Madrid — As behind-the-scenes attempts to agree on an agenda grind on inconclusively, East and West are berating each other in the set opening speeches at the Helsinki review conference here.
For the West, the human-rights provisions of the 1975 35-nation agreement on security and cooperation in Europe are the most important aspect, and Soviet violations of these provisions are what need to be addressed in evaluating implementation of the Helsinki agreement over the past five years.
Great Britain's Minister of State Peter Blaker gave one of the toughest Western speeches in declaring Nov. 13 that the Soviet Union has broken every pledge made at Helsinki.He condemned the Soviet intervention in AFghanistan as a severe shock to international relations and confidence. He deplored as well the increased persecution of dissidents in the Soviet Union, especially those monitoring observance of the Helsinki human-rights promises.
In a low-key speech, US delegate Griffin Bell declared that the Soviet invasion of Afghanistan "cast a dark shadow over East-West relations which no meeting, no pronoucement, nothing in fact but the total withdrawal of Soviet troops can dispell." He went on to cite the fate of 55 out of 71 members of Soviet Helsinki watch groups who have been imprisoned or exiled for their activity.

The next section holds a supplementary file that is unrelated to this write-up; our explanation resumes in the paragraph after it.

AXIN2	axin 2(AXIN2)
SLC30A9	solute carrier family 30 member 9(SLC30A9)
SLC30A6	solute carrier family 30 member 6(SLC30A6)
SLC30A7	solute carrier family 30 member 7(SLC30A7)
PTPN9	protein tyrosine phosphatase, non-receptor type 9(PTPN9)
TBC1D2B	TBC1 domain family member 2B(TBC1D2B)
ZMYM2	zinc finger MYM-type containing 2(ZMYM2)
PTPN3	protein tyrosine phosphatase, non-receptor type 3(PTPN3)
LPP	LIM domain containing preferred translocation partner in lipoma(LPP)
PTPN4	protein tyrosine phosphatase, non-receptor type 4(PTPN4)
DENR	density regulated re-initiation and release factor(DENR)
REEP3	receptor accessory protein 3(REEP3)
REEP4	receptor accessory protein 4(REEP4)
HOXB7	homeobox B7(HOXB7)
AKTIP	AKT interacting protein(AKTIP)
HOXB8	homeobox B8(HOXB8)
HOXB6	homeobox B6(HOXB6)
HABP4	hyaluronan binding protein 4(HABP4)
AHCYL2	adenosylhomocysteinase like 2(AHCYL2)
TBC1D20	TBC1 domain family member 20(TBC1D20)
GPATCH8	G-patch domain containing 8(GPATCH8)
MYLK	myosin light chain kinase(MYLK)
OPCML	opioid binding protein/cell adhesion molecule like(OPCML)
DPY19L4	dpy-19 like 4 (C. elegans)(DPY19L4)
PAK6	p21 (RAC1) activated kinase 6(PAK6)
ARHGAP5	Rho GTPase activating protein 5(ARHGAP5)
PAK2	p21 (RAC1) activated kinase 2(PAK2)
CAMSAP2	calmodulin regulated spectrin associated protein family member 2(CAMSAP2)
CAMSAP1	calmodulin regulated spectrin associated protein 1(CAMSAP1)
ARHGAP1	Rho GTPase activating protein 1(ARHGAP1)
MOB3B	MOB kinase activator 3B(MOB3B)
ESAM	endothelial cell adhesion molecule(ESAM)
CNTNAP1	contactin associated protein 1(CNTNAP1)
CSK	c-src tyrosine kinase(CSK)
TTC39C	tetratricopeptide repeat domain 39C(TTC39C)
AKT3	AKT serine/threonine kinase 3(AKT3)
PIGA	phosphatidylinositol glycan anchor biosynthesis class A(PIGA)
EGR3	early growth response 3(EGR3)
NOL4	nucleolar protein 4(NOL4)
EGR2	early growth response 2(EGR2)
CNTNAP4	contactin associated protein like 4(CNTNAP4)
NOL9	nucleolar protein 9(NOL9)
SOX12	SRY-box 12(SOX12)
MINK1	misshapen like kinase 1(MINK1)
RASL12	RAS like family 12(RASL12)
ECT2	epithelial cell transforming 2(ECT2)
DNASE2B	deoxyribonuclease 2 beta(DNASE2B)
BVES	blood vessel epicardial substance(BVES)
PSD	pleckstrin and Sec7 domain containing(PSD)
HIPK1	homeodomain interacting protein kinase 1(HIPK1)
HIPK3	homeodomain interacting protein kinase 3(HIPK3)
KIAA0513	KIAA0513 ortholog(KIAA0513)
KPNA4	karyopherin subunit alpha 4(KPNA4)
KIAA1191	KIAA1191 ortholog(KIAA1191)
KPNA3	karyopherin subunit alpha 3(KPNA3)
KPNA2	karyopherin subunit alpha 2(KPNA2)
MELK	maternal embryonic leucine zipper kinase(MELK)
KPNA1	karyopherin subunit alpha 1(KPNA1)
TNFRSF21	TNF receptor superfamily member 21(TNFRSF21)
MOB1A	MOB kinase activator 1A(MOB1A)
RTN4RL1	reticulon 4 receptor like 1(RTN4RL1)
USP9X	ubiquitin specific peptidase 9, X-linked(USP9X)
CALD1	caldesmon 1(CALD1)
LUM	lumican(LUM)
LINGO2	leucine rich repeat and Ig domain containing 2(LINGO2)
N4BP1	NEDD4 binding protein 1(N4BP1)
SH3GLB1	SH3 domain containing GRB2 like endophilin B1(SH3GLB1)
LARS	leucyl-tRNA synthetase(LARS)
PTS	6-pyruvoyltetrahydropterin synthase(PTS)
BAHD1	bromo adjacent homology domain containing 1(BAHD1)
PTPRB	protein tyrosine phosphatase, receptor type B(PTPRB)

According to tallies by various Soviet dissidents expelled from the Soviet Union and gathered in Madrid to present their information, 42 members of the five Soviet Helsinki watch committees are now in prison, labor camps, or psychiatric hospitals.
This includes 28 Ukrainians, 4 Lithuanians, 5 muscovites, 1 Georgian, and 4 Armenians. Another 13 from the committees have been exiled from the Soviet Union; 2 other Georgians have finished their sentences, and 2 Moscovites are serving sentences of internal exile in the Soviet Union.
This time, in contrast to the first Helsinki review conference two years ago, the Soviet Union made no effort to treat dissidents more leniently before the meeting. The foreign minister of neutral Sweden, Ola Ullsten, spoke in the same vein as the British delegate, asserting that the Soviet invasion of Afghanistan "tipped the scale from detente to distrust."
The opening speeches should be finished by Nov. 15. In the absence of an agreed-upon agenda, there is no guarantee that the conference will go on after that.